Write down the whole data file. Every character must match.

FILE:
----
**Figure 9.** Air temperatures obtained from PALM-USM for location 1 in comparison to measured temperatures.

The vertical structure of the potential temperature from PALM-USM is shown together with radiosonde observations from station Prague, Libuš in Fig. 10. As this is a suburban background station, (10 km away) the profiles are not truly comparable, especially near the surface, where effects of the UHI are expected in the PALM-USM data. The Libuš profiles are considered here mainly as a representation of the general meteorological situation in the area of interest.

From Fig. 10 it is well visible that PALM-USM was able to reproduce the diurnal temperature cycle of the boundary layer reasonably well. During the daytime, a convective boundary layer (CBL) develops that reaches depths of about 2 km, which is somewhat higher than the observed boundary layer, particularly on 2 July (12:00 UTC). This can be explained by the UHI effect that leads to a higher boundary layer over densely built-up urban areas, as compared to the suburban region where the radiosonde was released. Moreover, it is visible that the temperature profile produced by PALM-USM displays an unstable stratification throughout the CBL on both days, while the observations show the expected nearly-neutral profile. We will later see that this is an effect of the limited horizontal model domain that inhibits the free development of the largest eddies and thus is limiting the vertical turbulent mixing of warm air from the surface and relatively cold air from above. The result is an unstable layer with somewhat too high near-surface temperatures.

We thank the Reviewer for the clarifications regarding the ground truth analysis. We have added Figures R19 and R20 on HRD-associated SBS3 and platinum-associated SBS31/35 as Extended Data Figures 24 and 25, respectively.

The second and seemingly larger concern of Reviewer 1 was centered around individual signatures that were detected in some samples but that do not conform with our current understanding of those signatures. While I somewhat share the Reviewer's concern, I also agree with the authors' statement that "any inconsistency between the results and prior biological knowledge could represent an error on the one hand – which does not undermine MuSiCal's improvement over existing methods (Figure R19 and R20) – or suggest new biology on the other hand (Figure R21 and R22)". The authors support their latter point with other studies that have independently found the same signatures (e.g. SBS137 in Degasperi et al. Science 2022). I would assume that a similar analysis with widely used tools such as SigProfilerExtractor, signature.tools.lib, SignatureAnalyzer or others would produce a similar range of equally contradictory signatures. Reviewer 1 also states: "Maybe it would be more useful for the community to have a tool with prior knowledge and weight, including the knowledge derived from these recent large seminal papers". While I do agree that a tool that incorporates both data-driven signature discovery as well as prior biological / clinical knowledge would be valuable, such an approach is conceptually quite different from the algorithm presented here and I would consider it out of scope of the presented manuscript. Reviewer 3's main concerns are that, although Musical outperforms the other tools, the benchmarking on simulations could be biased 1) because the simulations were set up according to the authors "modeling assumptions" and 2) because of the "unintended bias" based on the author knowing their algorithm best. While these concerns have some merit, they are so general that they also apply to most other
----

**Figure 9.** Air temperatures obtained from PALM-USM for location 1 in comparison to measured temperatures.

The vertical structure of the potential temperature from PALM-USM is shown together with radiosonde observations from station Prague, Libuš in Fig. 10. As this is a suburban background station, (10 km away) the profiles are not truly comparable, especially near the surface, where effects of the UHI are expected in the PALM-USM data. The Libuš profiles are considered here mainly as a representation of the general meteorological situation in the area of interest.

From Fig. 10 it is well visible that PALM-USM was able to reproduce the diurnal temperature cycle of the boundary layer reasonably well. During the daytime, a convective boundary layer (CBL) develops that reaches depths of about 2 km, which is somewhat higher than the observed boundary layer, particularly on 2 July (12:00 UTC). This can be explained by the UHI effect that leads to a higher boundary layer over densely built-up urban areas, as compared to the suburban region where the radiosonde was released. Moreover, it is visible that the temperature profile produced by PALM-USM displays an unstable stratification throughout the CBL on both days, while the observations show the expected nearly-neutral profile. We will later see that this is an effect of the limited horizontal model domain that inhibits the free development of the largest eddies and thus is limiting the vertical turbulent mixing of warm air from the surface and relatively cold air from above. The result is an unstable layer with somewhat too high near-surface temperatures.

We thank the Reviewer for the clarifications regarding the ground truth analysis. We have added Figures R19 and R20 on HRD-associated SBS3 and platinum-associated SBS31/35 as Extended Data Figures 24 and 25, respectively.

The second and seemingly larger concern of Reviewer 1 was centered around individual signatures that were detected in some samples but that do not conform with our current understanding of those signatures. While I somewhat share the Reviewer's concern, I also agree with the authors' statement that "any inconsistency between the results and prior biological knowledge could represent an error on the one hand – which does not undermine MuSiCal's improvement over existing methods (Figure R19 and R20) – or suggest new biology on the other hand (Figure R21 and R22)". The authors support their latter point with other studies that have independently found the same signatures (e.g. SBS137 in Degasperi et al. Science 2022). I would assume that a similar analysis with widely used tools such as SigProfilerExtractor, signature.tools.lib, SignatureAnalyzer or others would produce a similar range of equally contradictory signatures. Reviewer 1 also states: "Maybe it would be more useful for the community to have a tool with prior knowledge and weight, including the knowledge derived from these recent large seminal papers". While I do agree that a tool that incorporates both data-driven signature discovery as well as prior biological / clinical knowledge would be valuable, such an approach is conceptually quite different from the algorithm presented here and I would consider it out of scope of the presented manuscript. Reviewer 3's main concerns are that, although Musical outperforms the other tools, the benchmarking on simulations could be biased 1) because the simulations were set up according to the authors "modeling assumptions" and 2) because of the "unintended bias" based on the author knowing their algorithm best. While these concerns have some merit, they are so general that they also apply to most other